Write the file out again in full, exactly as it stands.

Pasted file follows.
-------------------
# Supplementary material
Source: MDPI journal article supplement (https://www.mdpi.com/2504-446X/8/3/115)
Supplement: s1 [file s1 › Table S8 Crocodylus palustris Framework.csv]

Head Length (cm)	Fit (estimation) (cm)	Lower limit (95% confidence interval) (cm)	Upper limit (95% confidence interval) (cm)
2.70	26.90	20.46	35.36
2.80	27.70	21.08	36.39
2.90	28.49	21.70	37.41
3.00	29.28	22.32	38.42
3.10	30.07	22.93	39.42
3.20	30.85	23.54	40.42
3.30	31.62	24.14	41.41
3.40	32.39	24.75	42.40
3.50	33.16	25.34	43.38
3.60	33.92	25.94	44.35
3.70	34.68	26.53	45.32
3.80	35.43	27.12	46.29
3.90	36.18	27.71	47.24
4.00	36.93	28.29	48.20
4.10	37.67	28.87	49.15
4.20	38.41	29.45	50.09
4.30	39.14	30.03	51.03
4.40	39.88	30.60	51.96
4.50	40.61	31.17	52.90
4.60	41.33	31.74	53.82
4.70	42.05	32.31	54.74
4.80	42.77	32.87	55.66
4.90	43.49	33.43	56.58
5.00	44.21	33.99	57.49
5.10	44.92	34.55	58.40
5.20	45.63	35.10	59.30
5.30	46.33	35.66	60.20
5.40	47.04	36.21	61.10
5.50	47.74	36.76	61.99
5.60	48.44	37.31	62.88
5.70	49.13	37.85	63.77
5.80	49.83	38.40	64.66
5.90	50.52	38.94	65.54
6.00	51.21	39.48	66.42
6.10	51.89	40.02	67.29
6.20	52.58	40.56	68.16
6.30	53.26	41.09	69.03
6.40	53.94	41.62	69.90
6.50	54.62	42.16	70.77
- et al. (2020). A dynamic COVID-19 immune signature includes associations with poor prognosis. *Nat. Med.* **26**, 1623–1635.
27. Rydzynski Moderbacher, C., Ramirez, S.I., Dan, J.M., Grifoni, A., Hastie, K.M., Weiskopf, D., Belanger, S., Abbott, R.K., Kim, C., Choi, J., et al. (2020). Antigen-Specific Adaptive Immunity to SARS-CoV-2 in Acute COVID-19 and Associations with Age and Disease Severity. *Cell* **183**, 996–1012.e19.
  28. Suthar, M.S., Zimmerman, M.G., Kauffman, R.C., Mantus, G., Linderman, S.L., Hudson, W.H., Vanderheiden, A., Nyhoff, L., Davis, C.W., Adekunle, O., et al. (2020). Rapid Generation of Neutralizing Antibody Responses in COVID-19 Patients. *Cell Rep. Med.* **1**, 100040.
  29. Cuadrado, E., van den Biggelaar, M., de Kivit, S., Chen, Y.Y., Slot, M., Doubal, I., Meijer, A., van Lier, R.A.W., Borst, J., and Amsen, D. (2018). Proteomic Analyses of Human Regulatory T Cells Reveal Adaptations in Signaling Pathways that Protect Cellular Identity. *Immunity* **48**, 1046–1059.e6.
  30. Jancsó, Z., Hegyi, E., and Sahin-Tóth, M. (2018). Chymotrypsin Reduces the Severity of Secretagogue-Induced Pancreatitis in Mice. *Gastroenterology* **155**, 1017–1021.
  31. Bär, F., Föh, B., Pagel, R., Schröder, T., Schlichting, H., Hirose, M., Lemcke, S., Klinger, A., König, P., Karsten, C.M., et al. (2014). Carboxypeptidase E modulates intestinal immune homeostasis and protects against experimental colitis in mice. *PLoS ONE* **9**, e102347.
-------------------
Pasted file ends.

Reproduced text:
# Supplementary material
Source: MDPI journal article supplement (https://www.mdpi.com/2504-446X/8/3/115)
Supplement: s1 [file s1 › Table S8 Crocodylus palustris Framework.csv]

Head Length (cm)	Fit (estimation) (cm)	Lower limit (95% confidence interval) (cm)	Upper limit (95% confidence interval) (cm)
2.70	26.90	20.46	35.36
2.80	27.70	21.08	36.39
2.90	28.49	21.70	37.41
3.00	29.28	22.32	38.42
3.10	30.07	22.93	39.42
3.20	30.85	23.54	40.42
3.30	31.62	24.14	41.41
3.40	32.39	24.75	42.40
3.50	33.16	25.34	43.38
3.60	33.92	25.94	44.35
3.70	34.68	26.53	45.32
3.80	35.43	27.12	46.29
3.90	36.18	27.71	47.24
4.00	36.93	28.29	48.20
4.10	37.67	28.87	49.15
4.20	38.41	29.45	50.09
4.30	39.14	30.03	51.03
4.40	39.88	30.60	51.96
4.50	40.61	31.17	52.90
4.60	41.33	31.74	53.82
4.70	42.05	32.31	54.74
4.80	42.77	32.87	55.66
4.90	43.49	33.43	56.58
5.00	44.21	33.99	57.49
5.10	44.92	34.55	58.40
5.20	45.63	35.10	59.30
5.30	46.33	35.66	60.20
5.40	47.04	36.21	61.10
5.50	47.74	36.76	61.99
5.60	48.44	37.31	62.88
5.70	49.13	37.85	63.77
5.80	49.83	38.40	64.66
5.90	50.52	38.94	65.54
6.00	51.21	39.48	66.42
6.10	51.89	40.02	67.29
6.20	52.58	40.56	68.16
6.30	53.26	41.09	69.03
6.40	53.94	41.62	69.90
6.50	54.62	42.16	70.77
- et al. (2020). A dynamic COVID-19 immune signature includes associations with poor prognosis. *Nat. Med.* **26**, 1623–1635.
27. Rydzynski Moderbacher, C., Ramirez, S.I., Dan, J.M., Grifoni, A., Hastie, K.M., Weiskopf, D., Belanger, S., Abbott, R.K., Kim, C., Choi, J., et al. (2020). Antigen-Specific Adaptive Immunity to SARS-CoV-2 in Acute COVID-19 and Associations with Age and Disease Severity. *Cell* **183**, 996–1012.e19.
  28. Suthar, M.S., Zimmerman, M.G., Kauffman, R.C., Mantus, G., Linderman, S.L., Hudson, W.H., Vanderheiden, A., Nyhoff, L., Davis, C.W., Adekunle, O., et al. (2020). Rapid Generation of Neutralizing Antibody Responses in COVID-19 Patients. *Cell Rep. Med.* **1**, 100040.
  29. Cuadrado, E., van den Biggelaar, M., de Kivit, S., Chen, Y.Y., Slot, M., Doubal, I., Meijer, A., van Lier, R.A.W., Borst, J., and Amsen, D. (2018). Proteomic Analyses of Human Regulatory T Cells Reveal Adaptations in Signaling Pathways that Protect Cellular Identity. *Immunity* **48**, 1046–1059.e6.
  30. Jancsó, Z., Hegyi, E., and Sahin-Tóth, M. (2018). Chymotrypsin Reduces the Severity of Secretagogue-Induced Pancreatitis in Mice. *Gastroenterology* **155**, 1017–1021.
  31. Bär, F., Föh, B., Pagel, R., Schröder, T., Schlichting, H., Hirose, M., Lemcke, S., Klinger, A., König, P., Karsten, C.M., et al. (2014). Carboxypeptidase E modulates intestinal immune homeostasis and protects against experimental colitis in mice. *PLoS ONE* **9**, e102347.